Above ground units can be of form from an arch, an A-frame, all the way to a to a Quonset design, with the structure made of wood or thin-wall electrical conduit. These frames are inexpensive to build and easy to construct. They are covered with 4-mil thick, clear polyethylene plastic film designed to be rolled down the ridge or up the sides to allow for adequate ventilation.


Although steam, hot water, and manure heat hot beds, most gardeners use electric cables. A thermostat is needed to control the temperature in the bed. Although heating cables operate on 240 or 120 volts, beds of 10 feet or less can be operated on a 120-volt system. One 60-foot long cable is required for a 6 x 6 foot bed and two 60-foot cables are used for a 6 x 12 foot bed. The cables should be arranged carefully in the beds. Cables and thermostats are available from mail order, hardware outlets, and garden supply centers.

Using the Beds and Frames

A soil temperature of 70 to 75 degrees F is required for germinating most seeds. After germination, you need to adjust the temperature to suit the particular plant. Cool-season crops such as lettuce, cabbage, and cauliflower require daytime air temperatures of 60 to 65 degrees F. Warm-season crops like tomatoes, peppers, and melons need an air temperature of 65 to 75 degrees F. Night temperatures are usually 5 to 10 degrees F lower than daytime requirements.
If the air temperature in the bed goes above 85 degrees F, ventilation will be necessary. The beds require ventilation on all mild, sunny days. Electrically heated beds tend to dry the growing medium fast, and attention to watering is mandatory. The soil should be kept moist at all times, but not wet. Remember to apply water in the morning so the plant foliage will dry before evening.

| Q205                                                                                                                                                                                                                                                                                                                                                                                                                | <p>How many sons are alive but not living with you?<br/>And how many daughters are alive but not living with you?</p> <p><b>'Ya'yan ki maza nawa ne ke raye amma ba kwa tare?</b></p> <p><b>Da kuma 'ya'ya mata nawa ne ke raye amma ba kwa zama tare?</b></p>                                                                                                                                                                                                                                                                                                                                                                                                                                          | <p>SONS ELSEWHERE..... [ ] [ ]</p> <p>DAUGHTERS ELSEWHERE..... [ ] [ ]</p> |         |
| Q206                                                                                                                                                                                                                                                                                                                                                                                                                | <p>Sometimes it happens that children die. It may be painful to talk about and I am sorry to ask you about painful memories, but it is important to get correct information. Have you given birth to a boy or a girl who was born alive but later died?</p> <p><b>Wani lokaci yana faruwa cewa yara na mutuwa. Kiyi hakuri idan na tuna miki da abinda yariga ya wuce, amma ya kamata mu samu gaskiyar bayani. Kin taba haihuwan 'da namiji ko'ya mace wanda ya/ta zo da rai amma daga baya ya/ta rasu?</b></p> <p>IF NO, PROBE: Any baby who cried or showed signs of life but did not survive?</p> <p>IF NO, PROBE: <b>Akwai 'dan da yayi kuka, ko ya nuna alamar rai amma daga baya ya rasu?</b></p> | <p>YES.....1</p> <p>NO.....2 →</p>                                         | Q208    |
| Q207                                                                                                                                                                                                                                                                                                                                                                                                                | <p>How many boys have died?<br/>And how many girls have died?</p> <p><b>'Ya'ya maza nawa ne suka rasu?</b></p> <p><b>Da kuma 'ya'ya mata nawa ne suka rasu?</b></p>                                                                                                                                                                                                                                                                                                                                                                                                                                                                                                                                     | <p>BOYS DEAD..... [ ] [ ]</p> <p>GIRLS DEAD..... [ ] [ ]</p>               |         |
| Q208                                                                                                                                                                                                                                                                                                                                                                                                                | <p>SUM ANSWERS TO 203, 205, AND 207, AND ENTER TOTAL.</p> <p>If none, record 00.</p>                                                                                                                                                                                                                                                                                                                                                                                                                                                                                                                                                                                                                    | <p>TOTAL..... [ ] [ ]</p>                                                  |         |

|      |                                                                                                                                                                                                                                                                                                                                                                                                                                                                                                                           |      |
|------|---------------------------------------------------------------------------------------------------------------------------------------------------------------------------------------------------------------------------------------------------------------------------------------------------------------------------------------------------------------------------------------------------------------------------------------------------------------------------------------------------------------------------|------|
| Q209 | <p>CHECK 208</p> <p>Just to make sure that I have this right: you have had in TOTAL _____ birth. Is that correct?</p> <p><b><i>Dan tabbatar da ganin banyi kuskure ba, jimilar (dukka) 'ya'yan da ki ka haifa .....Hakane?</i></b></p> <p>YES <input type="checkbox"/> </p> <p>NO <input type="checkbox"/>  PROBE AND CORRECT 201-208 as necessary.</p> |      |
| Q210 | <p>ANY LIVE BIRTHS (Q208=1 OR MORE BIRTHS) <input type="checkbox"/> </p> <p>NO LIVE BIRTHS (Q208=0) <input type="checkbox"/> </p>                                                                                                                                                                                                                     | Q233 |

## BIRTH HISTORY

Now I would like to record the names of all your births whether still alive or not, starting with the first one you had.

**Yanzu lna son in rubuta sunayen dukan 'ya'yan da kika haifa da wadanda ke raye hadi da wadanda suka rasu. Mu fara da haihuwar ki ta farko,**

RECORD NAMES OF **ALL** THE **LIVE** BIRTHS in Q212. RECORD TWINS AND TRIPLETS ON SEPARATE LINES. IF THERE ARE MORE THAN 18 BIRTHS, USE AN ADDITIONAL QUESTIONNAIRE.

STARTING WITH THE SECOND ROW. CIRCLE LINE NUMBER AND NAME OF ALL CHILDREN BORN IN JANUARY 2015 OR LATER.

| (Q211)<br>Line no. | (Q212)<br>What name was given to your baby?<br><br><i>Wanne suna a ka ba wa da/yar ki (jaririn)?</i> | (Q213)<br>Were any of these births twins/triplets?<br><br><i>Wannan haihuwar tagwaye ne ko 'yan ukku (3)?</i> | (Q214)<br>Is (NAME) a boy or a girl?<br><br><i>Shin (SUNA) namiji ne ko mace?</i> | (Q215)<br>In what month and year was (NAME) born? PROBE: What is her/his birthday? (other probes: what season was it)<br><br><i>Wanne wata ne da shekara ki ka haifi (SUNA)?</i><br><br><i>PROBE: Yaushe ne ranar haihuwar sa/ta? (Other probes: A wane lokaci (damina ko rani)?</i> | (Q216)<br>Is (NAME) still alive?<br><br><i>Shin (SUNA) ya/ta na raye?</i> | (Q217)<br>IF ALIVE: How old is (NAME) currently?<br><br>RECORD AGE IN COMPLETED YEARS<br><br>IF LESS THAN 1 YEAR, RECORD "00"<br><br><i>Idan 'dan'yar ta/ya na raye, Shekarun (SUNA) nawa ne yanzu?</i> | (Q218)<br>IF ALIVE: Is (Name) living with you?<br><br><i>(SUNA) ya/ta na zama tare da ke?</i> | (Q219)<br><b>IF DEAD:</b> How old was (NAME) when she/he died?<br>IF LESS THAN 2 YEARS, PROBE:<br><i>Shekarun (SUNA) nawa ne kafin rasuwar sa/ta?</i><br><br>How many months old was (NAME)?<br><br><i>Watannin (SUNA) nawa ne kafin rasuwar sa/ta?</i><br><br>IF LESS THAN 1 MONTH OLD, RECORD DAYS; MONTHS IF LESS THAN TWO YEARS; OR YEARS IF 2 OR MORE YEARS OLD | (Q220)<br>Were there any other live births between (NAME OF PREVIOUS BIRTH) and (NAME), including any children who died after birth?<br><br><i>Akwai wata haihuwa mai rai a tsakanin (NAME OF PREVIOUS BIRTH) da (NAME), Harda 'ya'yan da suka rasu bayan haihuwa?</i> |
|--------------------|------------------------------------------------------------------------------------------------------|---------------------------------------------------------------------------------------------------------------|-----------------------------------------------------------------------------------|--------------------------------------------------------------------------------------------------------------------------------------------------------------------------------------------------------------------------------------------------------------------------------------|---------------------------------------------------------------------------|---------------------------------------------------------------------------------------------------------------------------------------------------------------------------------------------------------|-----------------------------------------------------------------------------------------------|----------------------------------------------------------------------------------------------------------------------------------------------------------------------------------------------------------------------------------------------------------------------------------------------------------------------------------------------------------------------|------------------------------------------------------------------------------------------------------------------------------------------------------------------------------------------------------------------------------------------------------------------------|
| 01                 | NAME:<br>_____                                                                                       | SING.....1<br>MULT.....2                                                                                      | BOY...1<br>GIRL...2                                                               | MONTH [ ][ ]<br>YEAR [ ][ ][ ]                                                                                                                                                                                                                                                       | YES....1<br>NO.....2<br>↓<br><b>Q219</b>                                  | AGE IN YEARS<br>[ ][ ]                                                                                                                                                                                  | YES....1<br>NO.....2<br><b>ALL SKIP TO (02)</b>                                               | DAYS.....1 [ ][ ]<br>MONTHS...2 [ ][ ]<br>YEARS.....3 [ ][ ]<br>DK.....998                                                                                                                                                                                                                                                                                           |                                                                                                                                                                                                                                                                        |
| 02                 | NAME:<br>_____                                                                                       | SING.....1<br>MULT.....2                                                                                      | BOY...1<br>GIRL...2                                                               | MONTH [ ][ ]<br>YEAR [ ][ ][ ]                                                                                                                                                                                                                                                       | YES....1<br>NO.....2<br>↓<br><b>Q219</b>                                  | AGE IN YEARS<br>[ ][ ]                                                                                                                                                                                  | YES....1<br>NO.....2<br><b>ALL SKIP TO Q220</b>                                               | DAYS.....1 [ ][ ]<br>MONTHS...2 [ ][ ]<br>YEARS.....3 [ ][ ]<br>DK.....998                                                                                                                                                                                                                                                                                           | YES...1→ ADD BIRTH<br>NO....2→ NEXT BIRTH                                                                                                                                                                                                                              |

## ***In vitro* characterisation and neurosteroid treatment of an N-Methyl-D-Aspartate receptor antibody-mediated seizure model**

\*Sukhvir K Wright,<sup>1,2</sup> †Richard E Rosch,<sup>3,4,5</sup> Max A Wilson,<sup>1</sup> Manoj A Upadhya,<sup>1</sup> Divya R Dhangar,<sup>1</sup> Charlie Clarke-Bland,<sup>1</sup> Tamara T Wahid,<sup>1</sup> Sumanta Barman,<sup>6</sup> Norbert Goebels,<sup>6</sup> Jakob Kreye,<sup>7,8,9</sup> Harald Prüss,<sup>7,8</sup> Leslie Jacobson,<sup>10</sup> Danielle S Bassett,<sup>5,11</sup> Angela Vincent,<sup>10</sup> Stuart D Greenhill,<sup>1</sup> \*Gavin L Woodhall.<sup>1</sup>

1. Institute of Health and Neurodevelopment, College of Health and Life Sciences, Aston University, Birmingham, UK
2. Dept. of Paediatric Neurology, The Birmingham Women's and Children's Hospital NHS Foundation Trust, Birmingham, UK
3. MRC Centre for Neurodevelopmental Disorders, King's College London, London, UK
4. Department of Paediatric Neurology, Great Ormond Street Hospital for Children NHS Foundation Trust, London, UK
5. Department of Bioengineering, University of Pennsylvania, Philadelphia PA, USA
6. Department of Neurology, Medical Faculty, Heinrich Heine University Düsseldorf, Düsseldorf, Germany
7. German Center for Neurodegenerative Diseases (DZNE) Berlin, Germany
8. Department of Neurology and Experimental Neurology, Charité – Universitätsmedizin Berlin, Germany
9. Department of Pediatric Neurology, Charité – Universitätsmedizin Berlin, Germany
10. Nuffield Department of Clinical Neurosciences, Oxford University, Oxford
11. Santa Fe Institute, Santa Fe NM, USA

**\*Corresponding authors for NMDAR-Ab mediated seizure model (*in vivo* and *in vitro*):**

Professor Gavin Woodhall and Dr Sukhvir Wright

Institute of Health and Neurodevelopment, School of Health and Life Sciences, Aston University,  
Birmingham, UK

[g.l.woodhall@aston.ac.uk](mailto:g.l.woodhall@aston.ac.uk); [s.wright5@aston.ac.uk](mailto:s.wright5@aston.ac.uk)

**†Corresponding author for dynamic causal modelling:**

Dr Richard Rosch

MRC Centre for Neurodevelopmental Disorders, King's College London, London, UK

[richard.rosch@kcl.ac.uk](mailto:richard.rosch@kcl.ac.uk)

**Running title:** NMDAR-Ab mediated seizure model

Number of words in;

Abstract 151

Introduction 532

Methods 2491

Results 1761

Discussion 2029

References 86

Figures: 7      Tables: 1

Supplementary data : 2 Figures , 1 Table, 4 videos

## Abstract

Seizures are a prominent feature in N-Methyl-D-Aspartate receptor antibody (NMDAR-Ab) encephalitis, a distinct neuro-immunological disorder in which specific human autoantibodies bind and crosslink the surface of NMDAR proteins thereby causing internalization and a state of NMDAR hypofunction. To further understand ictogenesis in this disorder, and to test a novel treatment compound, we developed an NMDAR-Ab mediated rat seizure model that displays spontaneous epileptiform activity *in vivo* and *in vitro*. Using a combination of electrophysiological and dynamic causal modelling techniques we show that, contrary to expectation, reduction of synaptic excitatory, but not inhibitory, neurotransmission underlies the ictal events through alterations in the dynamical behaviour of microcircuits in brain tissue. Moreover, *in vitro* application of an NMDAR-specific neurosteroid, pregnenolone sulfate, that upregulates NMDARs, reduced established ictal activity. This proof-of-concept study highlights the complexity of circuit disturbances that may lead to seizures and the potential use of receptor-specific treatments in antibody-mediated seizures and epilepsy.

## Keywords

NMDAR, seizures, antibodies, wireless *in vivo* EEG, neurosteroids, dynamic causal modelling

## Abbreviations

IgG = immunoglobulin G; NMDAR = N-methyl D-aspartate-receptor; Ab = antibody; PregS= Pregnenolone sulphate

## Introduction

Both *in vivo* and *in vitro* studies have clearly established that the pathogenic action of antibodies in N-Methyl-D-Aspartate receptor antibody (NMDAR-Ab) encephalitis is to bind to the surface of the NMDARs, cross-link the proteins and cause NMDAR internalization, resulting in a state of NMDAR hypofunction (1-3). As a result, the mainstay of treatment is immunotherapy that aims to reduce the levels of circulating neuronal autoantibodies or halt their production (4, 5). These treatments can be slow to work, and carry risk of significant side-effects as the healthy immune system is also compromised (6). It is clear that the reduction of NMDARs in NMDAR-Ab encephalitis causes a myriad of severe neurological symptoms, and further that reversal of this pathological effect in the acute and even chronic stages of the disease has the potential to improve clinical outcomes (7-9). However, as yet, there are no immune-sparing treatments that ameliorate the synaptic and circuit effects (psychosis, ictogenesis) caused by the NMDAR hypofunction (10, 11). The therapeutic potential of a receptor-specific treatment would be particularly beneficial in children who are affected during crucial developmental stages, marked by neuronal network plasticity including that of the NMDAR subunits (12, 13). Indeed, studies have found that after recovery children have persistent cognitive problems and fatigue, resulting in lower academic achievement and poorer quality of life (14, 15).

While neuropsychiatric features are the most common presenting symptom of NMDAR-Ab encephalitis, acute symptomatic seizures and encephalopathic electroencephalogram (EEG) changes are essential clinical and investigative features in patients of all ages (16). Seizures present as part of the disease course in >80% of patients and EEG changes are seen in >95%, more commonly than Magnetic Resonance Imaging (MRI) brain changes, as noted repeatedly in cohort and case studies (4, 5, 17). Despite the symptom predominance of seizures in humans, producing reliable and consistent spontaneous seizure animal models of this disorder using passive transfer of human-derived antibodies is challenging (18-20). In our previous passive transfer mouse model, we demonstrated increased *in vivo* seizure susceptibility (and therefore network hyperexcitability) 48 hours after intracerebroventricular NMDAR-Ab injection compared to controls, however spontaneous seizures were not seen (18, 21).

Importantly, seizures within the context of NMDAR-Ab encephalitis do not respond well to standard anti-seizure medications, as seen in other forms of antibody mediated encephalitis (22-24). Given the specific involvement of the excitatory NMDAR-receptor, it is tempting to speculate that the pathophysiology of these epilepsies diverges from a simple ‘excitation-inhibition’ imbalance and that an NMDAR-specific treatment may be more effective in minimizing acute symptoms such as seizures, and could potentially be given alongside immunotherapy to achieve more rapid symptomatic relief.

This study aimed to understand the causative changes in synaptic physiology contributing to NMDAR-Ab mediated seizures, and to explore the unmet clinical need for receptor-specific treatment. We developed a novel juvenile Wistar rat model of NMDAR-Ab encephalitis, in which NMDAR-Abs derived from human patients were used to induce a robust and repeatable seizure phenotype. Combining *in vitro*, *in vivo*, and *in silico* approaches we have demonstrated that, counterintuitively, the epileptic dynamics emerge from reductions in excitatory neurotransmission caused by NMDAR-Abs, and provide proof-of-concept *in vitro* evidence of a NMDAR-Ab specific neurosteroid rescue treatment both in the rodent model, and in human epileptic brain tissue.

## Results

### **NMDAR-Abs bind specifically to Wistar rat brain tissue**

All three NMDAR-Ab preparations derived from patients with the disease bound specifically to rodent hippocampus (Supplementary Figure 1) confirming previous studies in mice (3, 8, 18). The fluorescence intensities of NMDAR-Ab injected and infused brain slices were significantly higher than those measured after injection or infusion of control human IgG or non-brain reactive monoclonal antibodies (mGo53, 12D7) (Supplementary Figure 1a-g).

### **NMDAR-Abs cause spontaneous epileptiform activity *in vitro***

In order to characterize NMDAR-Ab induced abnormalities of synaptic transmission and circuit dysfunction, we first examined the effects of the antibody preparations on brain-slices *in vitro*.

Cold Frames

A cold frame is a great natural way to harden off seedlings started indoors or in a hot bed. By hardening off we mean preparing them for harsher conditions outside beyond the greenhouse. Cold frames collect sunlight and provide protection and ventilation at once, and are considered the halfway houses for young plants before they move out into the garden.

You can start hardening plants as early as four to six weeks before your growing zone is cleared frost-free. A cold frame therefore extends the vegetable growing season. Closed, you can also use it as a part-time greenhouse, and with the top open or removed, as an extra vegetable or flowerbed.

Another, cheaper alternative to building the wood and glass or plastic cold frame is the option to put together a simple, old-fashioned structure from bales of hay and an sturdy old window. Use just four rectangular bales of hay and an unbroken window frame with the glass still intact. Then arrange the hay bales to form a square with a space left in the center that can be covered by laying the window frame flat on top of the hay bales.

The hay will provide insulation while the window frame will let in daylight and sunshine. When it is sunny, it is important to prop the window open with a brick or a rock to provide adequate ventilation, or your plants will cook. Water the plants according to seed instructions.